So that might be the problem for too quick an introduction. Had I known, I would put the frame of bees into another bee box and then put them on top with a piece or two of newspapers to separate them. And gradually let them combine. I will learn fast the next time around.
    I already checked 5 times for any sign of an Italian queen but no luck either. I will do it again until I'm 100% sure.

  10. #10
    Join Date
    Jun 2012
    Location
    Whitmell, Virginia, USA
    Posts
    95

    Default Re: She got bombed!?

    Quote Originally Posted by beepro View Post
    To my surprise and sadden feelings, it was a dead Carniolan queen bee. She got bombed!? You think? Apparently, her worker bees are too weak to protect her against the Italian bees.
    Now I am thinking maybe she got killed by the Italians bees that don't want to accept her?
    The new queenless workers balled and killed the current queen in the hive. I've done it three times atleast this last year so I know.

    I'll bet the hive is now queenless.

    If you add bees to a hive. Shake them in front of the entrance. If you shake them into the hive. The chances are high that they will kill the current queen unless the others can protect her from them.

    If you shake the bees in front of a hive they will beg their way in and be accepted. They won't kill the queen that way unless you add combs at the same time.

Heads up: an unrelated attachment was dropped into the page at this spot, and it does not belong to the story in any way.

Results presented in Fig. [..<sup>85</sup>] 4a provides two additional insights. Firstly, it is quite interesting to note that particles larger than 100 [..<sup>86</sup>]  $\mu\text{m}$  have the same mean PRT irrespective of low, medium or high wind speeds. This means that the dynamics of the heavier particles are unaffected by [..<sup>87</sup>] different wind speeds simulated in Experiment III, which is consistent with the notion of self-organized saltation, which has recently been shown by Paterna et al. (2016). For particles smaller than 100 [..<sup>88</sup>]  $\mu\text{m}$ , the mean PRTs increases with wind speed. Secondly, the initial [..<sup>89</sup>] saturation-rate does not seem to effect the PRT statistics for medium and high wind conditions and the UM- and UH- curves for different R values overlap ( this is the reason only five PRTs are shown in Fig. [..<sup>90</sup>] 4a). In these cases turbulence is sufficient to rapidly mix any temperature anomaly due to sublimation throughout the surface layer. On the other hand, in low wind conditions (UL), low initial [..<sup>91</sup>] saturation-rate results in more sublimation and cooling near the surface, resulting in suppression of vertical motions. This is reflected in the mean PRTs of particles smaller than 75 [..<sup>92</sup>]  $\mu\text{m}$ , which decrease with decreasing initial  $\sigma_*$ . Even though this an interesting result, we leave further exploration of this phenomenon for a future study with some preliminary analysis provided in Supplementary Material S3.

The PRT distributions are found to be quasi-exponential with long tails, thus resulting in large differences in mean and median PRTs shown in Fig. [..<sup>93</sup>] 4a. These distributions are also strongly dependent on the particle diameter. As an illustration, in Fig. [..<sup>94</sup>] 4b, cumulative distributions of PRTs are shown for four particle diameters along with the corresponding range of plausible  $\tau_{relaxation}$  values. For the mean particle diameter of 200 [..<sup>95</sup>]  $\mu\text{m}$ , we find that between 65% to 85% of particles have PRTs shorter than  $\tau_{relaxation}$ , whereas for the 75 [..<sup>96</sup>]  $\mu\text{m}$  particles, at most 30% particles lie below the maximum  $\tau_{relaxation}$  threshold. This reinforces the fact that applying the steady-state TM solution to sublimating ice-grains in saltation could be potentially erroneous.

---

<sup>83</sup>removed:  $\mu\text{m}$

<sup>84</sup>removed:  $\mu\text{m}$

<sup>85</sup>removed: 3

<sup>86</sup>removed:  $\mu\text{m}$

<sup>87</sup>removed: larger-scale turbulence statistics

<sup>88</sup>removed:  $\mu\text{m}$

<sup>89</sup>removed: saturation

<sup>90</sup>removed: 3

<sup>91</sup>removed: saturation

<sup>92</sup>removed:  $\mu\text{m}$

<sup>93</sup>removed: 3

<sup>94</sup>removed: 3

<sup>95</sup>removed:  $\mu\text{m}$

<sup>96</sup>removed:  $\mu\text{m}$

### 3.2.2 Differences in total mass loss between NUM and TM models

Tonight, I suspect that there might be an Italian queen inside my hive for the Carniolan queen to be killed?
    I bet there's no queen in the hive.

    Next time if you want to add to the population of a hive. shake all the bees off a frame of capped brood and give that to them replacing an empty frame or something. Don't add other bees directly to the hive. If you want to add to the population of a hive by adding bees then shake them in front of the entrance and let the ones who chose to stay, beg their way in but leave the combs alone when you do that or they may kill the queen.
    Don't laugh it's paid for. -- Manure draws more flies than honey.

  11. #11
    Join Date
    Dec 2012
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    Sacramento, CA, USA
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    Default Re: She got bombed!?

    Ralph, I did another check today on a sunny day. I look at the frames very close trying to find the queen to the point that my breath breathing on the frame causing the bees to run away slowly, of course. But still, I did not see any queen bee. I am 99% sure now that I cannot see the queen in there. That 1% chance might be that she's crawling away onto another frame or hiding. I can check at night time again that they not crawling or flying much. I will put the frames into another empty hive next time I take a look. I can check them at anytime that they are not aggressive towards me. Just flying around my veil.
    So you are right that the hive is queenless now after the Carniolan queen got killed. And yes, no queen in the hive either in this cold winter time. Finding one to buy is very hard right now. Seems like nobody has an extra to spare except in Hawaii. But I don't think I needed 25 queens in a minimum order from there. I wonder what type of bee lay all year long thru the winter as well?
    Thanks for the tips on adding bees. I'll try that next time when I have a chance to do so. The good news is the bees still cleaning and repairing out the old combs. That will keep them busy with something to do until I can find them a new queen. Hopefully soon!